If Detroit Lions fans didn’t respect owner William Clay Ford Srwho died on Sunday, it’s possibly because they didn’t know him.
The Lions owner died Sunday morning from pneumonia at age 88. He had owned the Lions since 1963 and in that span had only one playoff win.
“If that’s the legacy (the fans) want to remember him by, they can turn in their tickets,’’ Hall of Fame tight end Charlie Sanders said in a conference call on Sunday night.
“I think that’s unfair, I understand the fans’ side of it they want a championship, I understand that, but so did he and I know that, I know that personally. This is what he wanted more than anything in the world,’’ said Sanders who knew Ford since his rookie year with the Lions in 1968.
“I’m not going to let that be the one thing I remember this man by because there was so much more that he brought to this world other than a lack of a championship,’’ Sanders said.
Despite his wealthy upbringing — he was the grandchild of Henry Ford — Ford was remarkably down to earth.
“I think that was the part that a lot of people didn’t understand about him,’’ Sanders said. “They feared him or didn’t want to get to know him because they had predetermined who he was based on the name that went along with him. Once they got beyond that barrier they found they were dealing with a good-hearted human being.’’
Sanders said he developed a rapport with Ford in his rookie season and it lasted more than 40 years. Sanders has served different positions with the Lions since he retired after 10 years as a Pro Bowl tight end. He is currently the assistant director of pro personnel.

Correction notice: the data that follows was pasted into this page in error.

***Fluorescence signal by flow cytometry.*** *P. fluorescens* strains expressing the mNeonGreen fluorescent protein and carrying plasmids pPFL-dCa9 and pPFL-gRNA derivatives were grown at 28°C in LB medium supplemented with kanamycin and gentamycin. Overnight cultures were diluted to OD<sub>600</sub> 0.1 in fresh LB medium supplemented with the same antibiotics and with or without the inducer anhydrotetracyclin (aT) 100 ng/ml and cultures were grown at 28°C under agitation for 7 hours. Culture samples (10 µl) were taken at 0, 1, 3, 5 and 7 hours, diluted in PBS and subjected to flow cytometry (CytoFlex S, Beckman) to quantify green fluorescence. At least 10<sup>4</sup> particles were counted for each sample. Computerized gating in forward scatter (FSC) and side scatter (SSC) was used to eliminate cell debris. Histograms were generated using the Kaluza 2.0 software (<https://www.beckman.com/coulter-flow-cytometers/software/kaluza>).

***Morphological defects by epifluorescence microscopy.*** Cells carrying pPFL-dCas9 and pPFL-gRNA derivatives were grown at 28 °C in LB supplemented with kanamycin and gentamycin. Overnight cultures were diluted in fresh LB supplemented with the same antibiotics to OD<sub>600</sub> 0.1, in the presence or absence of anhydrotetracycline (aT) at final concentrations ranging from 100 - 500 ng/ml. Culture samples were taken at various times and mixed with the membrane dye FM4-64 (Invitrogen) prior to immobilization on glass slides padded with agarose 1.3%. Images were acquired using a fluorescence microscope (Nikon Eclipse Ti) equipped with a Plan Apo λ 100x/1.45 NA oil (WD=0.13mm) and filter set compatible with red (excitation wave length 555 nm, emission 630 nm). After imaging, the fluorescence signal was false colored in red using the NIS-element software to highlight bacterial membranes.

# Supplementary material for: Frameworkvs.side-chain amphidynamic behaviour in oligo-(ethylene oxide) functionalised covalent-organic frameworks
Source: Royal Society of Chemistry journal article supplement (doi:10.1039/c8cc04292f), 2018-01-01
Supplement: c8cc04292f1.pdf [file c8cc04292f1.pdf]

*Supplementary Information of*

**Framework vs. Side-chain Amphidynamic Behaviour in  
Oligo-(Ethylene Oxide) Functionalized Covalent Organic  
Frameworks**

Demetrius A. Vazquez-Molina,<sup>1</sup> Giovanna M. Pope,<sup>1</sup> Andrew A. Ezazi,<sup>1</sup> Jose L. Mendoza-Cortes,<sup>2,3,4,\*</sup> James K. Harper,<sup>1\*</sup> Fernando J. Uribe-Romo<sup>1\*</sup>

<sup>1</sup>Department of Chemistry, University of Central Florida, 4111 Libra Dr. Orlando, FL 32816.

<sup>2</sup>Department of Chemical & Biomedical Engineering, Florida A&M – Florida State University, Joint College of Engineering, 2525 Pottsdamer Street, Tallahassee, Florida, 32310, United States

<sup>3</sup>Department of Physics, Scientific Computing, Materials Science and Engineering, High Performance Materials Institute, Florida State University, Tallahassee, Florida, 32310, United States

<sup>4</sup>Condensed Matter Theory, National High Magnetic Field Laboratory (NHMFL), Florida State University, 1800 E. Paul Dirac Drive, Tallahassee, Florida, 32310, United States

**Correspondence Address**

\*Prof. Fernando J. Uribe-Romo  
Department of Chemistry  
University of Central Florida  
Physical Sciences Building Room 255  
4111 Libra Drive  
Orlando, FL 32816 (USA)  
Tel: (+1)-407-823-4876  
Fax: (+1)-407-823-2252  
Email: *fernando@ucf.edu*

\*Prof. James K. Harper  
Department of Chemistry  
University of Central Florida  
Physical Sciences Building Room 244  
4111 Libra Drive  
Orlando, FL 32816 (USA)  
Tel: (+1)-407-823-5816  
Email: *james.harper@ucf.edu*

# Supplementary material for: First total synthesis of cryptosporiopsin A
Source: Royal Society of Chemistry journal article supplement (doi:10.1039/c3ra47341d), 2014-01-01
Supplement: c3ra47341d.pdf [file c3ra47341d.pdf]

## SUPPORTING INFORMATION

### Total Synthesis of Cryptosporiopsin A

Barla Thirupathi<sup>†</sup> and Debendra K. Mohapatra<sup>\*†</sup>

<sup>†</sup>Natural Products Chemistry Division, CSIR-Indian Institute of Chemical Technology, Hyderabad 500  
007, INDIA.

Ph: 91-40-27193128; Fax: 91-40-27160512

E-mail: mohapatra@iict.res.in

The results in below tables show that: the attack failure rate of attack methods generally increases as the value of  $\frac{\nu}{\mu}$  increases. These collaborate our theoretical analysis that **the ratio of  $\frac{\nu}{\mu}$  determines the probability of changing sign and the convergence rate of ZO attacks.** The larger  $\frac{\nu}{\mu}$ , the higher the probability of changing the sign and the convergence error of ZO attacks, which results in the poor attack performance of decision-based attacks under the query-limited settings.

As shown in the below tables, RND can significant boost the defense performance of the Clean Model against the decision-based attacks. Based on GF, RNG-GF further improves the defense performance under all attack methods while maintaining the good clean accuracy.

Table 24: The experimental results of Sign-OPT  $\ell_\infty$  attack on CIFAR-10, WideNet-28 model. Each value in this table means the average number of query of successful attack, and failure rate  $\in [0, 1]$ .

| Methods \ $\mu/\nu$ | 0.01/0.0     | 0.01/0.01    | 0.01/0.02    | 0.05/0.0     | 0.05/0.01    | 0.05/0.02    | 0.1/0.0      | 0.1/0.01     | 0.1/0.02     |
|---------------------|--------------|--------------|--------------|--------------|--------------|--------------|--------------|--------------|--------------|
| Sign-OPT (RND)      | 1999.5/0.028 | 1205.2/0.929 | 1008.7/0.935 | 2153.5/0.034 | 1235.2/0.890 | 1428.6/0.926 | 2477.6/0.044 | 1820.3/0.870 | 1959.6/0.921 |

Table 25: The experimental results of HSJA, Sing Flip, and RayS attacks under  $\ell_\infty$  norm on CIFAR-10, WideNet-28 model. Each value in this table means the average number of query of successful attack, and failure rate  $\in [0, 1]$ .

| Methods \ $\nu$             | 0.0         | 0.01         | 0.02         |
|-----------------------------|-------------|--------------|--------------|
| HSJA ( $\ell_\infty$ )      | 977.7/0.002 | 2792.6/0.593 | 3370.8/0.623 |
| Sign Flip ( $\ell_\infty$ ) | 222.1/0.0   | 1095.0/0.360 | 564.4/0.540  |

Sanders thinks Ford was misunderstood and not just when it came to football.
“To me he was a guy that just wanted to be one of the guys,'' Sanders said. "Once you got beyond Ford and who he was in the corporate world, and try to get to know him as a human being, you realize this guy is a simple sports advocate that happens to own the Detroit Lions. He was a very personable guy that you could get to know and you could learn a lot from.’’
The two were close enough that when Sanders was elected to the Pro Football Hall of Fame in 2007, he asked Ford to introduce him.
“It was as great an honor for me to be asked by Charlie to be his presenter as it was for him to be elected to the Hall of Fame. We really chatted about it quite casually, but we kind of hemmed and hawed around a little bit. Finally it dawned on me that, gee, he'd like me to be his presenter, and I can't think of anything nicer,’’ Ford said in the introduction speech.
Sanders could have chosen anyone, but he asked Ford.
“He’d been my employer for 40 years — I had hardly known my wife that long,’’ Sanders said on Sunday with a laugh. “He meant that much to me, we went through the father figure, he was that to me. He was just a perfect person. I think a lot of this has to do with why I’m just as adamant today as I was before about the city of Detroit and the Detroit Lions. I owe him so much.’’
Sanders said Ford left the coaching staff and players alone.
“He was just hoping he was right in terms of who he picked to ultimately get the team to be where he wanted it to be,’’ Sanders said. “Unfortunately that didn’t happen, but it didn’t have anything to do with his desire to bring a championship to the city of Detroit.’’
At Sanders’ induction speech at the Hall of Fame on Aug. 3, 2007, he thanked Ford for the introduction and then he said, “For those dreams he's had haven't happened yet, it by no means takes away from him as an owner, as a human being, as a man.’’
Sanders stood by those words again on Sunday.